At the end of April I got a job again with fairly normal hours. I slowed down a lot, but read a bit of Dutch still, a tiny bit of French too, listened to French quite a bit and a tiny bit to Dutch. I did manage to complete advanced 2 in Dutch in early June.

That was supposed to be when I´d finally stop going insane on LingQ, having promised myself to to that after advanced 2 and 3 in both French and Dutch, but then got another itch and had to see how fast I could complete Norwegian advanced 2.

When you are fluent in Danish and Swedish there is hardly anything in Norwegian that can surprise you, unless it´s like something from Icelandic and then it´s my mother tongue anyway. I could mark over 95% of the words as known the first time I saw them. It took me 20 days to get from 1K known words to finish advanced 2, with much less time a day than for Dutch of French.

One thing in comparing my experiences with these 3 languages is that French, being by far a more widely used language than the other two, had by far the best selection of material. There is a slight drawback in how a lot of the literature is old, letting you learn old words, but I felt with French it was not much of a problem and the overall language seemed quite similar to modern French.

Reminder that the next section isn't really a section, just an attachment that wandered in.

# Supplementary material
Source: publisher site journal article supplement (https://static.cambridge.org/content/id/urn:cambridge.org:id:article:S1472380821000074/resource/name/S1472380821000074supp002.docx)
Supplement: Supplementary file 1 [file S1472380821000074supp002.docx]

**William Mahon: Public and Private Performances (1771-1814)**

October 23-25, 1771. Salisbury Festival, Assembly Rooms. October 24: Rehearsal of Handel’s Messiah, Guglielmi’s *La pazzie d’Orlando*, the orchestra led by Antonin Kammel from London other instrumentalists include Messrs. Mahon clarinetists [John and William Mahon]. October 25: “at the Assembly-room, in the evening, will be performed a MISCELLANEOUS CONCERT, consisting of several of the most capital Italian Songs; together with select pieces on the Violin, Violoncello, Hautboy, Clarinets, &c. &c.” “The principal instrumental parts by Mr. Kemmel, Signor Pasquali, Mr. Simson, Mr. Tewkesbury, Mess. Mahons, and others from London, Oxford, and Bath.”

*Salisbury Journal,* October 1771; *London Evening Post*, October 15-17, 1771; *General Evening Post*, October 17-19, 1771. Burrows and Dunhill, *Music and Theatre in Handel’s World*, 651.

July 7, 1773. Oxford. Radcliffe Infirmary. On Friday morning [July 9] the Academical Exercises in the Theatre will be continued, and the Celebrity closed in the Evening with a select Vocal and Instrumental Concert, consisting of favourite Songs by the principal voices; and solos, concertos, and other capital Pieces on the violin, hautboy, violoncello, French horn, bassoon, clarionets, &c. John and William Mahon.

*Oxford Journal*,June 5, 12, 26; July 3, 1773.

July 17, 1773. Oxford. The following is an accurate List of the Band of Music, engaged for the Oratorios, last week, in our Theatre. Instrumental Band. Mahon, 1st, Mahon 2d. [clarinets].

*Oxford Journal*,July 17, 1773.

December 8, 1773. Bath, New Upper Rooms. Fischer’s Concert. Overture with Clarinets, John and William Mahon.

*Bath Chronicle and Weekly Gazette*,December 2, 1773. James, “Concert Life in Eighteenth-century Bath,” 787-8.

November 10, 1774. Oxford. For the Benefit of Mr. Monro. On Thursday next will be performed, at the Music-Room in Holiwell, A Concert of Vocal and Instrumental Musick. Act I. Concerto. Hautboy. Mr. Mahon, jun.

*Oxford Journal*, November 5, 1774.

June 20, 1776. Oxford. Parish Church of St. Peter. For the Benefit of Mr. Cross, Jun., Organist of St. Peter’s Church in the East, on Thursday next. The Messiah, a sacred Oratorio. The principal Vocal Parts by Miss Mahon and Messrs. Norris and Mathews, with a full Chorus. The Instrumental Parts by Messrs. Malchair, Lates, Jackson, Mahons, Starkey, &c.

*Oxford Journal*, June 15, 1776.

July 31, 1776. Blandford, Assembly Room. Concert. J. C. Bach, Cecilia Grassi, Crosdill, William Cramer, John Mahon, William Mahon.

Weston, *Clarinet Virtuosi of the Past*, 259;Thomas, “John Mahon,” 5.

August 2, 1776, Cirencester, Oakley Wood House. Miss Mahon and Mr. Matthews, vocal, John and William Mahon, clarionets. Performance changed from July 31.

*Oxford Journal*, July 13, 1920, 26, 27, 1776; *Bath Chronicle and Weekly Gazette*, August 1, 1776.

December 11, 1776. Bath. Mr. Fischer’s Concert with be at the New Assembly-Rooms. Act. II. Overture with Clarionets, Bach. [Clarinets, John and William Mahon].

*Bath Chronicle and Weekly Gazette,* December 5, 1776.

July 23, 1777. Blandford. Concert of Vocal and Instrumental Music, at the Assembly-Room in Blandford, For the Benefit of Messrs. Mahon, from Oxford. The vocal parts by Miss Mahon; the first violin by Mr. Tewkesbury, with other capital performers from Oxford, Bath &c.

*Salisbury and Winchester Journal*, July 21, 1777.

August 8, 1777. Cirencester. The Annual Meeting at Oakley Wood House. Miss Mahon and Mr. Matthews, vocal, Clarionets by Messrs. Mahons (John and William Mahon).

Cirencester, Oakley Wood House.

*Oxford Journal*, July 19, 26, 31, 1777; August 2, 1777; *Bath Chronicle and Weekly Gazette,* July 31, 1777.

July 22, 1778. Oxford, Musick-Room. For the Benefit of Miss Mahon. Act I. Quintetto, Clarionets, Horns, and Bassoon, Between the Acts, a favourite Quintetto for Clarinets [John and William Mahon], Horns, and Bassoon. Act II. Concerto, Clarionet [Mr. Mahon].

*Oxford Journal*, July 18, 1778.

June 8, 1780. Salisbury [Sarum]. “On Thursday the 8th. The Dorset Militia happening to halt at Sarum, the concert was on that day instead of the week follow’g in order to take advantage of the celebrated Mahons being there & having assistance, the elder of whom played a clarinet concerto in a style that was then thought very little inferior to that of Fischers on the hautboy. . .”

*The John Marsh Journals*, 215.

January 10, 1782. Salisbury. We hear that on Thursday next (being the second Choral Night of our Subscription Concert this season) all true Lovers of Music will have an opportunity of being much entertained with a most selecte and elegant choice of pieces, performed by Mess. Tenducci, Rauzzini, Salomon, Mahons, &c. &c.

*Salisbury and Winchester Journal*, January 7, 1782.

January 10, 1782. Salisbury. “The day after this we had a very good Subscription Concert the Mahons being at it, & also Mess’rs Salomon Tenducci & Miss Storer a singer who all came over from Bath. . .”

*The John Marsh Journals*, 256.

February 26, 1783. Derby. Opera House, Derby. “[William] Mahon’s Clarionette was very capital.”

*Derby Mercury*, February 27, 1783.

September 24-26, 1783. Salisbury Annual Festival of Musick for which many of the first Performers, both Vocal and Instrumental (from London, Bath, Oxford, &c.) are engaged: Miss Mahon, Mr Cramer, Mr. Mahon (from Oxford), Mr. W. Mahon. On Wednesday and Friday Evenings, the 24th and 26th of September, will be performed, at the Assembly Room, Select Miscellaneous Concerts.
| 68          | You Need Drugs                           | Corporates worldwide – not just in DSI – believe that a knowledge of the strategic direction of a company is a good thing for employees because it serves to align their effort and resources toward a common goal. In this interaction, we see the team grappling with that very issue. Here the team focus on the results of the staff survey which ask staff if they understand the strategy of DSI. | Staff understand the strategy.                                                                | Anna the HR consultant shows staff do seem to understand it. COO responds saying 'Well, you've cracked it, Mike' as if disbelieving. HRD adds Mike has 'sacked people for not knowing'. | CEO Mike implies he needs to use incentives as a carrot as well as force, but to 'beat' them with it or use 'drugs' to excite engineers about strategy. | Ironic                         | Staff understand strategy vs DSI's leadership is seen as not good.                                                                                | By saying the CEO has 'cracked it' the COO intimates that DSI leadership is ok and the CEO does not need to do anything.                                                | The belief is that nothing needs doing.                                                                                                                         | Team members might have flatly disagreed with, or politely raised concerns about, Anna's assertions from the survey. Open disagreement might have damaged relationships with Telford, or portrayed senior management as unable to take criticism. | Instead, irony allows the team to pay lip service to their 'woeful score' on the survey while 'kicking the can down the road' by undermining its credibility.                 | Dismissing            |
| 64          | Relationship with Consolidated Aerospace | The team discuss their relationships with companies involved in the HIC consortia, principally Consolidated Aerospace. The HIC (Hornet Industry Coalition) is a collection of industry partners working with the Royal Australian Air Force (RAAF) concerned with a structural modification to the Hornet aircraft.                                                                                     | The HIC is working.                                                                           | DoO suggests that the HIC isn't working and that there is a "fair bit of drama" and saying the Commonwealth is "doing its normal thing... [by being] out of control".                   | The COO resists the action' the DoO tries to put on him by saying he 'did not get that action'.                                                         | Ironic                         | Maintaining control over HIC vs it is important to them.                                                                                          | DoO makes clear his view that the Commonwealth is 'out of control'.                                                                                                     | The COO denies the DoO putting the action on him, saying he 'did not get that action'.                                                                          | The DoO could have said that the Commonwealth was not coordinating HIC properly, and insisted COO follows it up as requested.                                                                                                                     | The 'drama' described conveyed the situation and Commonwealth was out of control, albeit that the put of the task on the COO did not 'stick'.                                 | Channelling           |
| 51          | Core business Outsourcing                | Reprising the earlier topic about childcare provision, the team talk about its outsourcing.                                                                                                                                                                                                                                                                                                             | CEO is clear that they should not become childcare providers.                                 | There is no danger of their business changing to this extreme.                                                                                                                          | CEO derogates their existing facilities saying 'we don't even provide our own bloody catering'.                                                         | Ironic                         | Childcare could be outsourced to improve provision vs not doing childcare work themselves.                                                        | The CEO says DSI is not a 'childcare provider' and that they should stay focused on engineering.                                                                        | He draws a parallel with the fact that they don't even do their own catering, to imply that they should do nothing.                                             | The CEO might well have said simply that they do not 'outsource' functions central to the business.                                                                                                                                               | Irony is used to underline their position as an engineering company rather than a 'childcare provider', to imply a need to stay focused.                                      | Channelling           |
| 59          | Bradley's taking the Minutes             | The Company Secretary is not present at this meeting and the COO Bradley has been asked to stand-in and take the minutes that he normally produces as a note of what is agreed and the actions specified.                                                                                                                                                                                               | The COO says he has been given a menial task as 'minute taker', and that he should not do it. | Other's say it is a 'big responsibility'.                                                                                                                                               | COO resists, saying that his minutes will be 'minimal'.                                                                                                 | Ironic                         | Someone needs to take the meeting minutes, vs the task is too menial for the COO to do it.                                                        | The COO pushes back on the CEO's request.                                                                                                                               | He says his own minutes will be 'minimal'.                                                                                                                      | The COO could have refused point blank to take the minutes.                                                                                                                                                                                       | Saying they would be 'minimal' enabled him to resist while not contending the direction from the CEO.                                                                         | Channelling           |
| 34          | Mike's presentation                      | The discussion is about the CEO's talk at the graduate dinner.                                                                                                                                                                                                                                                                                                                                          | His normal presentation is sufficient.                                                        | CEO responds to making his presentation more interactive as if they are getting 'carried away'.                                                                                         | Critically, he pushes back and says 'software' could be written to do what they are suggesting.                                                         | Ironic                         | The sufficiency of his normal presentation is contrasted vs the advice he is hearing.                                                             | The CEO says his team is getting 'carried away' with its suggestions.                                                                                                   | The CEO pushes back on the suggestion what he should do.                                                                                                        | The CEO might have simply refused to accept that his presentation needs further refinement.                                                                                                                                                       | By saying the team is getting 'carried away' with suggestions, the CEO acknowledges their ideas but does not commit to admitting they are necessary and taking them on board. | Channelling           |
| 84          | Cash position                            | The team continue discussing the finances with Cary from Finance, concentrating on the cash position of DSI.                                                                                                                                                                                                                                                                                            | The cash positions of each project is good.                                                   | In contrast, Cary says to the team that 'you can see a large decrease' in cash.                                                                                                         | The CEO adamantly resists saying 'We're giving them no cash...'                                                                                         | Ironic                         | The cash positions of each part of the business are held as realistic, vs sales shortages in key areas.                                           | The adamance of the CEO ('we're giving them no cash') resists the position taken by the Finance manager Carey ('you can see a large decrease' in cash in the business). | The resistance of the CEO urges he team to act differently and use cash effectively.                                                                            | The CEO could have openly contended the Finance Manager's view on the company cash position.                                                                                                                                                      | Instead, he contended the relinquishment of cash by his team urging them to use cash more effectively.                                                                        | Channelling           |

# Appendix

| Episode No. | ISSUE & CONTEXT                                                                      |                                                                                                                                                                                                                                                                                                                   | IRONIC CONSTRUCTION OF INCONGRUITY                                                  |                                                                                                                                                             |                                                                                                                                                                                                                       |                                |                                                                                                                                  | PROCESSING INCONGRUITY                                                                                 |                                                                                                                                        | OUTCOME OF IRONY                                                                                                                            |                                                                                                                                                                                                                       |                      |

With Dutch, there was a lot less material. Not as many books for one thing. There also seemed to have been more changes to the spelling of Dutch through the times, so when I imported old stories in the public domain, it may have made me learn outdated ways of spelling.

With Norwegian, a language spoken by a lot fewer people that Dutch, let alone French, this was quite a bit of a problem. Very little advanced material in LingQ. Importing old stories from the public domain also turned out to be a bad idea, because when they were written, Norwegian was almost identical to Danish in it´s written form. I ended up just mostly reading from the news feed.

So that is the story so far, having just finished advanced 2 in Norwegian. Here below are my stats as of now, they should offer an interesting perspective of how much easier it is and how much less you have to read to learn languages similar to the ones you know.

Fench: Known words 46,144 - Read words 1,434,664 - Hours of listening 48.8 - LingQs 16,614 - LingQs learned 5,780

Dutch: Known words 32,019 - Read words 612,752 - Hours of listening 22.8 - LingQs 12,323 - LingQs learned 3,820

Norwegian: Known words 30,263 - Read words 311,062 - Hours of listening 2.9 - LingQs 2,021 - LingQs learned 581 - (probably a fair proportion of LingQs made by accident)